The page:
Munich Re carries a substantial portion of this risk. If the Games were called off, Munich Re would provide cover of around €350 million [$425.5 million] through several policies. Guaranteeing this amount of cover requires not just financial strength, but also the necessary expertise to allow the risk to be assessed and managed in the best possible way.”

Over at Insurance Journal, an article by Lee Tookey, head of Aviation Reinsurance, Space and Specialty Lines, for Aspen Re speaks to the challenges insurers face in the transmission of the Games to the world.

New technology will allow the live broadcast of sporting events via mobile devices to viewers around the world. There are concerns about whether or not satellites and cellular networks will be able to meet the expected demand.

Tookey points out:

Some events at the games – most notably the opening and closing ceremonies- are expected to attract audiences around the world numbering perhaps four billion: the insurance industry will certainly play an important role in both terrestrial and extra-terrestrial aspects of these Olympic events as they are transmitted.”

And finally, an article from Business Insurance reminds us of the importance of detailed risk management when hosting a sporting event on this scale.

Business Insurance quotes Lance Ewing, hospitality and leisure industry practice group leader at Chartis Inc as follows:

These are formidable risk exposures including health insurance, cancellations coverage, terrorism, kidnap and ransom, travel insurance and property coverage. There also are exposures surrounding the construction of event venues, dormitories and other facilities.”

London’s heightened exposure to terrorist threats during the Games is one of the main areas of concern.  The British government has called in extra troops, police officers and civilian security workers to help keep the Games safe for athletes and spectators.

Who will win Super Bowl XLVI this Sunday?

If you’re wondering whether you should be backing the New York Giants or the New England Patriots look no further than the Super Bowl Prediction System of sports statistician John Dewan.

In his Stat of the Week, the owner of Baseball Info Solutions and co-publisher of ACTA Sports asks us to consider four things:

  1. The Patriots rank 31st in total defense (yards allowed) in the NFL this year.
  2. The Packers, another juggernaut, ranked 32nd and lost earlier in the playoffs.
  3. Defense wins championships, “they” say.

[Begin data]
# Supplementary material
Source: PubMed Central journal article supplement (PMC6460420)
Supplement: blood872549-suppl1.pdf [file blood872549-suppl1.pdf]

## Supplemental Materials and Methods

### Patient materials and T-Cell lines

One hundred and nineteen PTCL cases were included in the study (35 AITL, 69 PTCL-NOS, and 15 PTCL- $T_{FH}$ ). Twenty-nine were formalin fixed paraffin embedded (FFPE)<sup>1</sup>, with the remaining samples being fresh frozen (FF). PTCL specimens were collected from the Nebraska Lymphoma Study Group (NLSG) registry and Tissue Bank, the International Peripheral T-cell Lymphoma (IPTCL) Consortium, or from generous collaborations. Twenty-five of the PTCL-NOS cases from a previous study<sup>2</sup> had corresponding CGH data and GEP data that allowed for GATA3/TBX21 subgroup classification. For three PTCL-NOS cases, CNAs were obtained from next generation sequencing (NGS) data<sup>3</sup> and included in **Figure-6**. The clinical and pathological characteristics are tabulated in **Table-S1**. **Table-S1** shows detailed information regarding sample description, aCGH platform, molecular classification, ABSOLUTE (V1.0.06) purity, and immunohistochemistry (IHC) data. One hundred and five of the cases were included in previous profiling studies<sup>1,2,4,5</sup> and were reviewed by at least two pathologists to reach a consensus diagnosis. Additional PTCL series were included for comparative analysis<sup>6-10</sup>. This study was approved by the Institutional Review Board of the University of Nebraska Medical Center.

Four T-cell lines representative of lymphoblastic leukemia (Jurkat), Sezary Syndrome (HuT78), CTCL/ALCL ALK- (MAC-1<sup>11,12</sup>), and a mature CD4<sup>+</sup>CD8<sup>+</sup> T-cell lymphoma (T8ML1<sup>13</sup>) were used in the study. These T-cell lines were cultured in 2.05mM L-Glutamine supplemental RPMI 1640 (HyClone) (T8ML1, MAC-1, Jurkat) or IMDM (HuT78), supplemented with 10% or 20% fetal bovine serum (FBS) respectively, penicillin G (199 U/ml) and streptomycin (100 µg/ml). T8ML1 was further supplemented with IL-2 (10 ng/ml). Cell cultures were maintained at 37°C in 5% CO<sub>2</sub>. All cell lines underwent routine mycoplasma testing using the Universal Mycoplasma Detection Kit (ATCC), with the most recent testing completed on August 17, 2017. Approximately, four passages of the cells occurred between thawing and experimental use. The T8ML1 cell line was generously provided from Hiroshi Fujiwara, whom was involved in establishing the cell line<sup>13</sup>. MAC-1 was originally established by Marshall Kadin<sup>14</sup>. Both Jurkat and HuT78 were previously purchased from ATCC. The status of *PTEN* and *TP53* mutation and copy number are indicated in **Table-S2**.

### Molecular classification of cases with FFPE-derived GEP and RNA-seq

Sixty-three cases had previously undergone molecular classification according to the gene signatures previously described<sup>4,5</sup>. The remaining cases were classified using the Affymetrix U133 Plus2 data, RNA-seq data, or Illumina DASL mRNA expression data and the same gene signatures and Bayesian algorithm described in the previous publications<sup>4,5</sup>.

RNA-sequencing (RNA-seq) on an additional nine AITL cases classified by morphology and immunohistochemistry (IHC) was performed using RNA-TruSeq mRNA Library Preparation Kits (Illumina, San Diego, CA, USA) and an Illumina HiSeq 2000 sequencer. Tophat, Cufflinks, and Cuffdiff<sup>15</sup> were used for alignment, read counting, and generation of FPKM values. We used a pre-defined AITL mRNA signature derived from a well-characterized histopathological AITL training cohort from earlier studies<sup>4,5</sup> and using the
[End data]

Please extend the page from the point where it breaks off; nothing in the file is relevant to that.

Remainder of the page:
4. The Super Bowl Prediction System loves defense.

But if you’re thinking this must mean the Patriots are going to lose making the New York Giants the next Super Bowl champs, the Super Bowl Prediction System suggests you’re wrong.

Dewan goes on to note that while the Patriots rank 31st in total yards allowed, it’s points, not yards that count in the score. In points allowed, the Patriots are in the top half of the league ranking 15th (allowing 342 points during the regular season) while the New York Giants rank 25th (allowing 400 points).

He says:

The Super Bowl Prediction System was off its game last year picking the Pittsburgh Steelers. The Green Bay Packers beat the Steelers 31-25. But the system still has a great track record. It has picked 16 of the last 21 winners (76 percent). This year, the system thinks the Patriots will avenge their Super Bowl XLII loss to the Giants.”

Dewan adds that the Super Bowl Prediction System comprises 12 different statistical indicators and each one correctly predicts the Super Bowl winner 55-65 percent of the time. Evaluated collectively, the system is 76 percent in the last 12 games.

By the way, for those of you throwing a Super Bowl party, the I.I.I. has tips on how to be a responsible host.

This Sunday’s Super Bowl is nearly upon us and in keeping with our annual tradition we take a look at the prediction of sports statistician John Dewan to see if we should be cheering for the Green Bay Packers or the Pittsburgh Steelers.

In his Stat of the Week, the owner of Baseball Info Solutions and co-publisher of ACTA Sports says:

The betting lines currently favor the Packers, but the Super Bowl Prediction system picks the Steelers.”

Dewan’s unique Super Bowl prediction system comprises 12 different statistical indicators: five defensive, four offensive and three based on overall stats (the defensive ones are the strongest indicators overall). Each one taken by itself predicts the Super Bowl winner 55 percent to 67 percent of the time.

Taken collectively, the indicators have an even better track record. The system favors the team that wins the most indicators and it has predicted 16 of the last 20 Super Bowl winners.

This year the prediction system picks the Pittsburgh Steelers to win their seventh franchise Super Bowl and third in the last six years.

The system has the Steelers winning nine of the 12 indicators. For the record, teams with eight or more indicators have won 21 of 26 Super Bowls.

Looks like the statistical odds favor the underdog, so place your bets!

By the way, if you’re throwing a Super Bowl party, check out I.I.I. tips for being a responsible host.